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When Duston Hamilton sees a USAA Insurance commercial on television, the former marine says he gets disgusted. He’s a general contractor who helps hailstorm victims repair their homes.
“The TV ads are very misleading,” he says of the San Antonio-based insurance giant that caters to retired and active members of the military.
“They’re using this commercial to say it’s an honor and a privilege that we can provide you with an insurance company,” he says. “But they’re not paying people what they are owed. It angers me that someone would take advantage of our heroes and their families.”
Mike Martin, who worked for Allcat Claims Service of Boerne as an independent insurance adjuster doing contract work for USAA, says the same: “The ads are very contradictory.”
“Everybody’s got smiles on their faces. That is clearly not representative of what goes on.”
What goes on? The Watchdog receives tips from USAA clients who complain that the company sometimes declines to pay claims for repairs that several years ago, insurance adjusters say, would have been paid without a hitch.
I sent USAA’s communications director Rebekah Nelson a detailed letter listing all the people I talked to, what they said, and specific court cases I would be referring to in this two-part Watchdog series on USAA. (Here’s part two.) I asked for comment on each.
She wrote back, “USAA will not speak to specific issues due to member privacy or pending litigation. However, USAA handles millions of claims every year with a high satisfaction rate and remains committed to serving its membership.” There was no further comment.
‘Stress and depression’
Jermal Dubose is a retired Army first sergeant who lives in Deridder, La. At first, his hurricane damage claim appeared to be on track. But then his claim went to Allcat adjusters, who along with USAA employees, put him off for months.
“USAA has no idea the amount of undue stress and depression,” he says. “I’ve lost more than I ever will be able to get back.”
Allcat executives did not return The Watchdog’s interview requests.
Tamara Henk, a retired colonel with the Texas Air National Guard, and her husband, David, a retired Navy commander, say they’ve been USAA members for almost 40 years. The Grapevine couple said trying to get a roof replaced is their “worst-to-date experience.”
USAA sent out three different roof inspectors, and each of the reports they wrote gave a different reason for denial, the couple say. When one inspector disputed her claim that her roof was hail damaged, she went to her freezer and pulled out a hailstone she had saved from the storm.
Finally, after a second storm hit, they were able to get their claim handled and a new roof.
MaryAnne Cowdrey and her husband, Joel, a retired Navy lieutenant who served during the Vietnam War, say they were USAA customers for 58 years. The Oak Cliff couple say they got tired of fighting with USAA, took out a loan and paid $70,000 to finish the repairs.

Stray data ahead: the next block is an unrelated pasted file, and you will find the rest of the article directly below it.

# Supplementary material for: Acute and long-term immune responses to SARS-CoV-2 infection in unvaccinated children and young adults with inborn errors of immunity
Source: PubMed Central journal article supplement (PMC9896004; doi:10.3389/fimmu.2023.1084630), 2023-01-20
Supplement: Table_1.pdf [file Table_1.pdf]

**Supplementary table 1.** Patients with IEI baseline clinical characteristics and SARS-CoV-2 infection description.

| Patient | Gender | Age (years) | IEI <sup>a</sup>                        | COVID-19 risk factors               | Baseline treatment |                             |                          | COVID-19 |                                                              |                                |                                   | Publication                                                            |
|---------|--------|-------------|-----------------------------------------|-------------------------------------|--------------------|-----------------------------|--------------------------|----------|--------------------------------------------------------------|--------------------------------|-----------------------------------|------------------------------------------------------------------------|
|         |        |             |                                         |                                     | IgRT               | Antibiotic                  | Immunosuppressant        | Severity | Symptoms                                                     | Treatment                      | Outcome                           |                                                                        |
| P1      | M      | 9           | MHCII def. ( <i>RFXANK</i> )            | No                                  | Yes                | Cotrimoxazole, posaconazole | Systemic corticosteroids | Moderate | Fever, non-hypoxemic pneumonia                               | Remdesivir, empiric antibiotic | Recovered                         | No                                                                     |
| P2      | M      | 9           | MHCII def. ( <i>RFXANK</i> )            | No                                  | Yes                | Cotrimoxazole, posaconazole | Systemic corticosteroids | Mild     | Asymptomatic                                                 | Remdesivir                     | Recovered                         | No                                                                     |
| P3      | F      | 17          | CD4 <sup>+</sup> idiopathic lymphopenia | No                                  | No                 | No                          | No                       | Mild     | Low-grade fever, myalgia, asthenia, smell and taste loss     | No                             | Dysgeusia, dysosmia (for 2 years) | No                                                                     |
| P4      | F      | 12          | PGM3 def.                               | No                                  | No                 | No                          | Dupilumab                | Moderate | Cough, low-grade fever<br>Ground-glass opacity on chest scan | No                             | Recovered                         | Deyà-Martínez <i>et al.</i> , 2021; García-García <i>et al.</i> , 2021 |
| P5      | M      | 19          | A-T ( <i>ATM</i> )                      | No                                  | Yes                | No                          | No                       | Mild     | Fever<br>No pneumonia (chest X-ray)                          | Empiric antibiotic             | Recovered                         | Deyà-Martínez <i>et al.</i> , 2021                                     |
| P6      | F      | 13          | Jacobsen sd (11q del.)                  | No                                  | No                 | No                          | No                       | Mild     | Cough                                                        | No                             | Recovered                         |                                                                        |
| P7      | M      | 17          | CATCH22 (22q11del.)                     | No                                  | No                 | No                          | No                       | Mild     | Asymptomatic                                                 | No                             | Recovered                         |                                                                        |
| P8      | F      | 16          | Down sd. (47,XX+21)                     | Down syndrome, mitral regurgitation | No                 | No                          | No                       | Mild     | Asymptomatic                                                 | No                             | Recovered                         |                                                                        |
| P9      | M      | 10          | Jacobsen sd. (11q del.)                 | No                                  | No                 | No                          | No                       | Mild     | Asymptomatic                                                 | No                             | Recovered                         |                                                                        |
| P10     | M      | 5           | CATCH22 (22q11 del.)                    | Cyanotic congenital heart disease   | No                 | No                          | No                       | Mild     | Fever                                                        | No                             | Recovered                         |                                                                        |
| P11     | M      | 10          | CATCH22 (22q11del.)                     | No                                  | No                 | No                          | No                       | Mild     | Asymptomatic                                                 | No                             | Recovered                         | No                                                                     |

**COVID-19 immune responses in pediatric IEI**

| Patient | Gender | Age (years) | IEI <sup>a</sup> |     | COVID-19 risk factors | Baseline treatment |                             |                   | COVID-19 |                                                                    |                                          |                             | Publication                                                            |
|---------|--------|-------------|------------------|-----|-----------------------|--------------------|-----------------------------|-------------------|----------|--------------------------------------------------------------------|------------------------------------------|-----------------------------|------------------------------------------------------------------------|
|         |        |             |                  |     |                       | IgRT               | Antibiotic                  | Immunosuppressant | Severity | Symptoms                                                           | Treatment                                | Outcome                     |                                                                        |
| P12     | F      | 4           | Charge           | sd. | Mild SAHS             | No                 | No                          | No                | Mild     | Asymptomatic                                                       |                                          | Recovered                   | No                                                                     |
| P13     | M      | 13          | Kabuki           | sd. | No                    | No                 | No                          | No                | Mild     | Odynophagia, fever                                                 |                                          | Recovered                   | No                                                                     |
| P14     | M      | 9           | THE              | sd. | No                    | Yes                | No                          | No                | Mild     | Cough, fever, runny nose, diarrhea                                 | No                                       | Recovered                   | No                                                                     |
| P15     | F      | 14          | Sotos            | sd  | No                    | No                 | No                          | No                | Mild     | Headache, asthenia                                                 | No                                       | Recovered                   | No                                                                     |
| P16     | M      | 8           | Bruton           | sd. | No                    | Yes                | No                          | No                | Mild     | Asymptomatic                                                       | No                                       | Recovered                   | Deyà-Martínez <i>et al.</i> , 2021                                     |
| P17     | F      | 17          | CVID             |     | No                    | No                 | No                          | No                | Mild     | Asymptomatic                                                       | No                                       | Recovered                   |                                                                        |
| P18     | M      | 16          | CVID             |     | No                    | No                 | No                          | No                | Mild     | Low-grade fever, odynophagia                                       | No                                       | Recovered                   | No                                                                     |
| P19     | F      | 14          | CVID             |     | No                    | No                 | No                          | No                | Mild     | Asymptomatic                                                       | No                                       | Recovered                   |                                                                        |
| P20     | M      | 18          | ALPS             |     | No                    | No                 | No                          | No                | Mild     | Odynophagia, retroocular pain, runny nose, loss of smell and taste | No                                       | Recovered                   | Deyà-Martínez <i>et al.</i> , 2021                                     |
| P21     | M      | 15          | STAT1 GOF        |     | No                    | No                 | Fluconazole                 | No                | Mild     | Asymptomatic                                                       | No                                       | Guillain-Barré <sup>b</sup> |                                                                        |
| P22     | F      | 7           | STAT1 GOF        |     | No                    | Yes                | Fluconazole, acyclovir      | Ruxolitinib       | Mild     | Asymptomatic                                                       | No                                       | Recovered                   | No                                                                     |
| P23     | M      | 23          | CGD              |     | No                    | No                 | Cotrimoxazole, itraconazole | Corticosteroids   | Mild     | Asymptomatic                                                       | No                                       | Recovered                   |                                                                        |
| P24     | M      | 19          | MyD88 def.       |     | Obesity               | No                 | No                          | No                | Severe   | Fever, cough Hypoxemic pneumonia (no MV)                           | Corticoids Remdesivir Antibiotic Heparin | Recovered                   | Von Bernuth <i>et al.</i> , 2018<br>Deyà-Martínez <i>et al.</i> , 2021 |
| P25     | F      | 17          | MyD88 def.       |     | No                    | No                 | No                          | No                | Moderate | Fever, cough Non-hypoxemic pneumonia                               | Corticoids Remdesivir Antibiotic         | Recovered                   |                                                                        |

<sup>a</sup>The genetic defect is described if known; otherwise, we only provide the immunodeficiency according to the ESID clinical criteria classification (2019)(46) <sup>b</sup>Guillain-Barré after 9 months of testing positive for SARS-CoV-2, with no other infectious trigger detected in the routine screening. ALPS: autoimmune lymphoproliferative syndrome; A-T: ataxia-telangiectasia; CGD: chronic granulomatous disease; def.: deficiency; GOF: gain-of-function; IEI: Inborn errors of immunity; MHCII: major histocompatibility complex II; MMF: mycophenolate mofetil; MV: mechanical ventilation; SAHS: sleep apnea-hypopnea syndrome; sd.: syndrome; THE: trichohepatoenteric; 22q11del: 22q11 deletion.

“It’s gruesome trying to reach them on the phone,” she says.
Updates on previous USAA cases I’ve reported on:
John Wayne Walding, a Green Beret who fought in Iraq and Afghanistan and lost a leg, sued USAA. The Little Elm resident claimed that USAA gave him approval to repair his truck’s engine. Then after the $9,500 repair was done, the company changed its mind and declined to pay.
“Fighting bullets and fighting finances are two different things, but they’re both terrifying,” he said.
Before trial, Walding’s lawsuit was settled. Its terms are confidential.
John and Sharon Kelley of Georgetown, USAA customers for more than 50 years, sued over payment of $19,000 for a new roof. The retired Navy surgeon and his wife sat through a five-day trial. A jury awarded them $143,000 in damages and legal fees.
Before USAA could appeal, the couple’s lawyer say they reached a confidential settlement with the company. Those terms cannot be disclosed.
Larry and Shirley Reyes of Deer Park couldn’t get all of their hailstorm claims paid. But in a lucky break, the Allcat adjuster, Jennifer Posas, turned whistleblower and testified under oath that her supervisor made her drop the recommended roof payout to a measly $2,900.
A lawyer for the couple who sued USAA told me the case was settled, and those terms are also confidential.
Another lawsuit against USAA I’ve found: A California lawyer, Harvey Rosenfield, sued in that state, claiming that current and former military officers are treated better and pay better insurance rates than current and former enlisted military members.
The case awaits trial, but its outcome will only affect Californians who use USAA.
‘We’re not paying’
Don’t underestimate the psychological affect this can have on USAA’s clients.
Mike Martin, who worked for adjuster Allcat, said it hurt him emotionally to watch clients get stiffed.
“You have to turn yourself robotic,” he said. “I want to be on the side of the homeowner.”
He’d go on a roof, declare it needed to be replaced and then be overruled by someone sitting at a desk who didn’t go up there with him.
“They’d say, ‘We’re not paying for that roof,’ and I’d say, ‘You’ve got to be kidding.’”
He’s watched USAA clients “crying and everything.”
He calls whistleblowers like him “patriot fighters for the homeowners.”
“When it comes to veterans, they come first,” he said.
Although not always.
Note: In my next column, the second in this series, I’ll show you how someone sitting at a desk overrules estimators on USAA claims.
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